Based on your scenario or client theme(s), map out a plan for either advocating with, or on behalf, of your client(s) to effect change, providing rationale for your choice. The advocacy process below builds upon the Advocacy Competencies of the American Counselling Association (Lewis et al., 2002). You may modify this process; these are not intended as fixed or comprehensive steps.
- Identify the social, political, economic, and cultural factors that pose barriers to the well-being of individuals and vulnerable groups.
- Evaluate the appropriateness, ethical implications, and process of allying with clients to advocate for change.
- Develop a working alliance with potential allies for change in the contexts or systems impacting client lived experiences.
- Identify challenges, opportunities, and preferred outcomes.
- Identify the target of change (typically mesolevel—schools, organizations, communities)
- Engage in constructive collaboration to develop achievable and well-defined goals, along with a vision to guide change.
- Analyze the sources of power and the influencers within the system (both barriers and facilitators).
- Negotiate relevant services and resources with or on behalf on behalf of clients.
- Develop and implement change processes to reduce barriers and promote social justice (e.g., cultural awareness, interprofessional collaboration, organizational policy change, health promotion).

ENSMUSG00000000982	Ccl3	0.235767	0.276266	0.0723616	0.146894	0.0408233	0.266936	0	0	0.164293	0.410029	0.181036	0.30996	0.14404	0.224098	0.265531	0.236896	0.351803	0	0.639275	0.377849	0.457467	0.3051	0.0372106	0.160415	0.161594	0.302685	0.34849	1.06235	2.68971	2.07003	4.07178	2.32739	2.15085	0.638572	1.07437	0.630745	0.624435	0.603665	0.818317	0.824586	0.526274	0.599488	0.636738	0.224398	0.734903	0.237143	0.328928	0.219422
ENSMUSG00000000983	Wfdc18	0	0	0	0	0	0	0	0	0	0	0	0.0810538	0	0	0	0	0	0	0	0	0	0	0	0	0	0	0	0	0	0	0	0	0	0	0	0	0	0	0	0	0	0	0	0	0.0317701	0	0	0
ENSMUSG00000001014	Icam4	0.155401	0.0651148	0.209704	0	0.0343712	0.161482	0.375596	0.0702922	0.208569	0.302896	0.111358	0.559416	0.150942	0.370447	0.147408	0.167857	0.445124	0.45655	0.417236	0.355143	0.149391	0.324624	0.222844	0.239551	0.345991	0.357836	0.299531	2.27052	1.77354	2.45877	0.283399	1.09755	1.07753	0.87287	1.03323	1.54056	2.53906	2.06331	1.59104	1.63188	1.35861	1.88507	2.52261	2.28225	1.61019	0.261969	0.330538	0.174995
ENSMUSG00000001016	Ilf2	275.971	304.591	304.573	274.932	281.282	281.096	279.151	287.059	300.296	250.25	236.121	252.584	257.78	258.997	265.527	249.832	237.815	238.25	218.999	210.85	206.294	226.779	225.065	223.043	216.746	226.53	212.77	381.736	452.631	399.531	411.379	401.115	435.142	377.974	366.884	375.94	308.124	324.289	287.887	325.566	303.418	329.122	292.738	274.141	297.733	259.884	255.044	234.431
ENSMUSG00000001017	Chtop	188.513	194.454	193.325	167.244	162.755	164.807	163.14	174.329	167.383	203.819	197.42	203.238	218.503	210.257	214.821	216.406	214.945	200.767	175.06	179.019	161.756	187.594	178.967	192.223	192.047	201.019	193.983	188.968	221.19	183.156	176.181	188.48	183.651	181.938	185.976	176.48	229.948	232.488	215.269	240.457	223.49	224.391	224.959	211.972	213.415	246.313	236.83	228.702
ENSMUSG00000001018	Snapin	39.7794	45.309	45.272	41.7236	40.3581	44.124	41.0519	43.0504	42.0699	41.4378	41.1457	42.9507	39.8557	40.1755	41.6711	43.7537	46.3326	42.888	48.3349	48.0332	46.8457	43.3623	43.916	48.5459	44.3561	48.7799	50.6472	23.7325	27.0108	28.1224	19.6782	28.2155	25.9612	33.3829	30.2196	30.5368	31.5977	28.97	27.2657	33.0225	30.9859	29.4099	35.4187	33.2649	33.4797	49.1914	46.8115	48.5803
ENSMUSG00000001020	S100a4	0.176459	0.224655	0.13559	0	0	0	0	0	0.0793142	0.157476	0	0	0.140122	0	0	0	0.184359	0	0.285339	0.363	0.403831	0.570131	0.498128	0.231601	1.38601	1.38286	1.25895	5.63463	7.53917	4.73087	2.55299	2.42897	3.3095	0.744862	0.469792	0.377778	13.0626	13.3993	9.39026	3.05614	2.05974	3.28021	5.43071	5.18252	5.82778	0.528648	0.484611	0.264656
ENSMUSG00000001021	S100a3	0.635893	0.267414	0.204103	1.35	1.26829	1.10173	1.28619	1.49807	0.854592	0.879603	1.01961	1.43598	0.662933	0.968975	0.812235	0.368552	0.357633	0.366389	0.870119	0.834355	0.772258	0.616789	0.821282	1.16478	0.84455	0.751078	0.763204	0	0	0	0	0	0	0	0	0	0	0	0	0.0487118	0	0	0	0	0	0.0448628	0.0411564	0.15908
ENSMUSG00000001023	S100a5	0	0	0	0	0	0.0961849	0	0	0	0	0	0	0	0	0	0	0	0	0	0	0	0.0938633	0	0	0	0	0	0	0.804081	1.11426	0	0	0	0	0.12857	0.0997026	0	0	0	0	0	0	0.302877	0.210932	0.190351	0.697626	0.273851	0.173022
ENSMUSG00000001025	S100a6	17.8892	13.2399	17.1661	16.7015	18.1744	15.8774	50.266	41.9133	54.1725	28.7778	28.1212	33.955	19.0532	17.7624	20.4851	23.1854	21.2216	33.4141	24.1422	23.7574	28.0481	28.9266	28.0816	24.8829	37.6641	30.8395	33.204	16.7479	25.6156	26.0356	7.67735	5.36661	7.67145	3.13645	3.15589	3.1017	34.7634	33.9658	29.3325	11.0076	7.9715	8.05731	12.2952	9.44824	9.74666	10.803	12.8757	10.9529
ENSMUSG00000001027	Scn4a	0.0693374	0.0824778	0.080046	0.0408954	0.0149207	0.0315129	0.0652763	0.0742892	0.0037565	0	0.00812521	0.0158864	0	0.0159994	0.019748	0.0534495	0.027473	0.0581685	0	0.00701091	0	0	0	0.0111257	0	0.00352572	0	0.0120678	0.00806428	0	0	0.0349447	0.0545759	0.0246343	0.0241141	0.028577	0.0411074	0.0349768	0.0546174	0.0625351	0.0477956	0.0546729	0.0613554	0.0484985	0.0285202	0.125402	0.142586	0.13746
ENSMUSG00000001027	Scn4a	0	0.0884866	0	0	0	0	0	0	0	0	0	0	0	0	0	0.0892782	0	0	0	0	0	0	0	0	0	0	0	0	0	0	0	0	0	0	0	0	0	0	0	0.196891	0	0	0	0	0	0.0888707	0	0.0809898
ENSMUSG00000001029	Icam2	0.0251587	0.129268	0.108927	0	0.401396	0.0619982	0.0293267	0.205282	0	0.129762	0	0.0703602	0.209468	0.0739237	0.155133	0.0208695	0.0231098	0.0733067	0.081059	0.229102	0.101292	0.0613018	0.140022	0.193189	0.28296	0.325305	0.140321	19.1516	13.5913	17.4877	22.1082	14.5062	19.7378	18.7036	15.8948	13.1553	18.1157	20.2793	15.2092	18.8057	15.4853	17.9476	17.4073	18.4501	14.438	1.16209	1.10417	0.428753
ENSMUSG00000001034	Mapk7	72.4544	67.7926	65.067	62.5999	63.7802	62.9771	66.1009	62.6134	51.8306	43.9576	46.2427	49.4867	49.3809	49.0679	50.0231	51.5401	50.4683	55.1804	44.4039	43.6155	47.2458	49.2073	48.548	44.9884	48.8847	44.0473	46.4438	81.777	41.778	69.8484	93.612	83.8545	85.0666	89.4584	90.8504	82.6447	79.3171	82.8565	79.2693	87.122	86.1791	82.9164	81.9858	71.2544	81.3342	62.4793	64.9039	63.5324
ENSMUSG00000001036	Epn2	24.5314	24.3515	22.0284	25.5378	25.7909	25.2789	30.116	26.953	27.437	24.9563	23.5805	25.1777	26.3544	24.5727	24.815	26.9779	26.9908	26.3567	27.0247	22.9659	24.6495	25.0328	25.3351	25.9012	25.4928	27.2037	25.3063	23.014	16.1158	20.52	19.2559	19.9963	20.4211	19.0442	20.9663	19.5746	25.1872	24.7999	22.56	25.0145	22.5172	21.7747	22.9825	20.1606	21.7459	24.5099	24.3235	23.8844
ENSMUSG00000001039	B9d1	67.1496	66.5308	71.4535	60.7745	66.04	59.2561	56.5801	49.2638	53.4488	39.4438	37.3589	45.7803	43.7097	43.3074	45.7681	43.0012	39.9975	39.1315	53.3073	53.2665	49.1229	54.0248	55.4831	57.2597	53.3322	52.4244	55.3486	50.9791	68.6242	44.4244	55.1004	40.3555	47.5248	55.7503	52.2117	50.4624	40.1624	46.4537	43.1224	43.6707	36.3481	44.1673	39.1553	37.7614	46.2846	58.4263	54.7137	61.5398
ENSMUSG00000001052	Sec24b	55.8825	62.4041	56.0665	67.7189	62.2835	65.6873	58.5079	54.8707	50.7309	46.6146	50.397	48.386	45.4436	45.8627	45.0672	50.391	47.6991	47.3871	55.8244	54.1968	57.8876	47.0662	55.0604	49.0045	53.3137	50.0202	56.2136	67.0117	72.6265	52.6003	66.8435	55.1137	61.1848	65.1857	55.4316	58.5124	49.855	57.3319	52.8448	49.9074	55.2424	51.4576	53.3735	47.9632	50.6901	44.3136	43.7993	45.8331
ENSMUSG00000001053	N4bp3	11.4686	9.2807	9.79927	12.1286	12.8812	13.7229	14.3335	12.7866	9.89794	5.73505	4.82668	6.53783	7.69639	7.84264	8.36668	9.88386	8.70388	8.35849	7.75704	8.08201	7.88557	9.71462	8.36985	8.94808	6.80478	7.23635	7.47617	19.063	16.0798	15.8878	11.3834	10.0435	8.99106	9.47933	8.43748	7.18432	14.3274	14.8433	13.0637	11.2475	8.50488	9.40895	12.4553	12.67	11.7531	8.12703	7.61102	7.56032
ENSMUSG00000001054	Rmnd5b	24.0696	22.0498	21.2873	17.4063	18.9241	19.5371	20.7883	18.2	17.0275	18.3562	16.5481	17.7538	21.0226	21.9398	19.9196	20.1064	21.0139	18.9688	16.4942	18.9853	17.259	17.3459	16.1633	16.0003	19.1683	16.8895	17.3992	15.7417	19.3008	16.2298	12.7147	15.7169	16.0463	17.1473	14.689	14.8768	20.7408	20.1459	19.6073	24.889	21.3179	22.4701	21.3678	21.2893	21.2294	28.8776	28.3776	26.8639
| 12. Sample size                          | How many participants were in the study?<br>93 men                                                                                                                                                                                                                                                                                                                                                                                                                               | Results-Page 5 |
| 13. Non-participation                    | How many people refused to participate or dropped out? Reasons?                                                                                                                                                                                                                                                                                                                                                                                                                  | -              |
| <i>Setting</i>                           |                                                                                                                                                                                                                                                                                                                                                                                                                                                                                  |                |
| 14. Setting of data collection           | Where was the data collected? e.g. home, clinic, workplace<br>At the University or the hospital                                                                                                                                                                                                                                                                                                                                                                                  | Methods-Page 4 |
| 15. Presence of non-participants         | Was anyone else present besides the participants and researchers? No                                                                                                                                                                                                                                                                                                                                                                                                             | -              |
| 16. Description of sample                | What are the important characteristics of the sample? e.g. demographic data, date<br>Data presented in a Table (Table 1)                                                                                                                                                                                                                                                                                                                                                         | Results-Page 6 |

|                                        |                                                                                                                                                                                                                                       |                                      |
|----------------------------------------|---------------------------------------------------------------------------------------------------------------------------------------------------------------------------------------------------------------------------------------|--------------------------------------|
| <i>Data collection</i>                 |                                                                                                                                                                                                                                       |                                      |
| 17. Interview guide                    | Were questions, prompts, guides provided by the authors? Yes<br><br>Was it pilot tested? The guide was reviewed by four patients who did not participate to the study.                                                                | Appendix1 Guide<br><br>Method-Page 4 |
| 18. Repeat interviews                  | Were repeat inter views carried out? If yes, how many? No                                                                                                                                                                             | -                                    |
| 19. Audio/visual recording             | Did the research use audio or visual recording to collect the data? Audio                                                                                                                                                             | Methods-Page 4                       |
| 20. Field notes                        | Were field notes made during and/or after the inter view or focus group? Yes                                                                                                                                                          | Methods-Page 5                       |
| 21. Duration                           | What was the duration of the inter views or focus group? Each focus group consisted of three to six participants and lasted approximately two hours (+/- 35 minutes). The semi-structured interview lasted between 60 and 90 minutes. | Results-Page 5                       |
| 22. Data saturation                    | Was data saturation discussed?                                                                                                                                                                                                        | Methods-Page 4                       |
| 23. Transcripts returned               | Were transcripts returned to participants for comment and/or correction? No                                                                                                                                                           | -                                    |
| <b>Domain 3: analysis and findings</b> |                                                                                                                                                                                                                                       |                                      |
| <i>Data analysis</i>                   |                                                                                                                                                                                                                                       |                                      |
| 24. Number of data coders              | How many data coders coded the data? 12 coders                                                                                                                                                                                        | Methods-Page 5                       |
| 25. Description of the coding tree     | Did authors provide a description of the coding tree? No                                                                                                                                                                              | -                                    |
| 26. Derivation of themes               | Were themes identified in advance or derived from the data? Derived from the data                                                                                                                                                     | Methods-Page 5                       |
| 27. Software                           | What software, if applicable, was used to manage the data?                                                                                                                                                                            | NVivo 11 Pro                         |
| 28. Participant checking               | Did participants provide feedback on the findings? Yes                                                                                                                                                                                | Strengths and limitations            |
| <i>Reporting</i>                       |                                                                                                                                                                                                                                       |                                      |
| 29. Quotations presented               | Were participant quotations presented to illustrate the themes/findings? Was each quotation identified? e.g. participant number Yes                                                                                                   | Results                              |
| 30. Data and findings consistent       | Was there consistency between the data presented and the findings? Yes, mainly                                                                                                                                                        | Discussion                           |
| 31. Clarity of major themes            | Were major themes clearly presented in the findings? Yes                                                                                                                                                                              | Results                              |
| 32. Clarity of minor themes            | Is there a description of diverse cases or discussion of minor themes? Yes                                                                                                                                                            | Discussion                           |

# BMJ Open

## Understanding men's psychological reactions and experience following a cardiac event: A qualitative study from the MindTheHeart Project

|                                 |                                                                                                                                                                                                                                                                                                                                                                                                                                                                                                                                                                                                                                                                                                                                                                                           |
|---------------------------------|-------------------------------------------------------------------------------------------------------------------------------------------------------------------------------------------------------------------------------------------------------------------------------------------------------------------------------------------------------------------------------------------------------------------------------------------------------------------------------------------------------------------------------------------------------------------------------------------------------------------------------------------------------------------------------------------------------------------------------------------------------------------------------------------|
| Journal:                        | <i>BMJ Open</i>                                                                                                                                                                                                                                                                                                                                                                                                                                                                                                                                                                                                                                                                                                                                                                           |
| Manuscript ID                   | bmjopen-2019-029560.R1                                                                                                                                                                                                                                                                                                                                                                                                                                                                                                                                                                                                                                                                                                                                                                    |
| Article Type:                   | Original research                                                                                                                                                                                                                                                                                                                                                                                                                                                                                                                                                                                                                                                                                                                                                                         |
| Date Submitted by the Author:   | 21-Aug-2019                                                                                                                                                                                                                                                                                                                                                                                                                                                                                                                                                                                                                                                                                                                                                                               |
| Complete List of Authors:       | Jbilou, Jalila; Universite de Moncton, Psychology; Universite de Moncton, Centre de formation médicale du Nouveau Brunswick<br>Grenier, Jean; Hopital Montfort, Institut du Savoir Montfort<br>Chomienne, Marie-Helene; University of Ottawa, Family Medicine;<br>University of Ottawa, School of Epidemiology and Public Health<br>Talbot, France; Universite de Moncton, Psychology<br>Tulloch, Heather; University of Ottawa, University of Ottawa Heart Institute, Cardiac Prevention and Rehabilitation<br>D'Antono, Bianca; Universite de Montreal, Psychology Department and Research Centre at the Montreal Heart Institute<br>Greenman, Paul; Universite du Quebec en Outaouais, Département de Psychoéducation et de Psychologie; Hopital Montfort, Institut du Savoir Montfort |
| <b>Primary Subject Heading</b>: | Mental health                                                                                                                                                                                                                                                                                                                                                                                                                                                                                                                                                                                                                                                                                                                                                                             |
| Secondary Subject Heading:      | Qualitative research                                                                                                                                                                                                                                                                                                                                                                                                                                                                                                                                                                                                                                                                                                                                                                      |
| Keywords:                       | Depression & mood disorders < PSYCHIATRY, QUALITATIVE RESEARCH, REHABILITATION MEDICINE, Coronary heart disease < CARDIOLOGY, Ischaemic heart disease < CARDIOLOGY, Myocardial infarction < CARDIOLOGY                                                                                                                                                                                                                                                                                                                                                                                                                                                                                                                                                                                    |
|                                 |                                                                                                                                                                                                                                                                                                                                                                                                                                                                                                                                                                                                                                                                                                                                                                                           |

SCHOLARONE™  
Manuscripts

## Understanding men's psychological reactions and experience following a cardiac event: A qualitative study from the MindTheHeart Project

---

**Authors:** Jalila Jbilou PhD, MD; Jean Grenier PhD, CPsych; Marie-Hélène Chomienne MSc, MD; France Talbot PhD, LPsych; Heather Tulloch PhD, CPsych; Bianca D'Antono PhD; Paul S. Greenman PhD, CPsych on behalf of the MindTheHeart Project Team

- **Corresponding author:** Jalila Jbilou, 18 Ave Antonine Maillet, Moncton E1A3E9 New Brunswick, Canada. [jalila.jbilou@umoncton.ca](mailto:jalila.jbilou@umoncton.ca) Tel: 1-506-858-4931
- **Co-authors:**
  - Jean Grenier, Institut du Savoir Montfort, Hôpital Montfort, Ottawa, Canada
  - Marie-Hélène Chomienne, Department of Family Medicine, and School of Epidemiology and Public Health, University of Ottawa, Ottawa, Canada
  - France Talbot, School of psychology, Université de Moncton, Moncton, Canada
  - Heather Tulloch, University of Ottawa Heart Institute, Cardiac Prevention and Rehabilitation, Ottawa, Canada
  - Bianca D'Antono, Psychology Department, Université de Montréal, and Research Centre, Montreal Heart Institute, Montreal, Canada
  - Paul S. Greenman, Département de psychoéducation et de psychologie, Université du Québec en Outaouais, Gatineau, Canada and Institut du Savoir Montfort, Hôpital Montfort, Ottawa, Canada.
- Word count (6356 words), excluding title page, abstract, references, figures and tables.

- Engage in constructive collaboration to foster buy-in to change.
- Evaluate outcomes and plan for sustainability.
Reflect together on what it might be like to implement this plan. Consider what you might need, personally and professionally, as supports for your engagement in advocacy work.
[Permanent link: https://crsjguide.pressbooks.com/chapter/cc17/#effectingchange]
Take a moment to watch this short video on allyship in workplaces, extrapolating the key principles that you might apply allyship in the professional practices of counselling and psychology. Allyship involves taking direct action to promote equity and social justice while intentionally standing alongside persons or peoples experiencing those inequities in educational systems, work environments, and healthcare services.
© Lean In (2021, November 13)
The second video below attends to the importance of recognizing and activating your positional power and relative privilege. We all hold positional power to varying degrees and this power shifts across contexts depending on our cultural identities, relationalities, and social locations. Take a moment to reflect on the contexts in which you hold positional power. Consider ways in which you might engage in allyship in the personal and professional contexts of your life, attending to possibilities at the individual, interpersonal, and structural levels.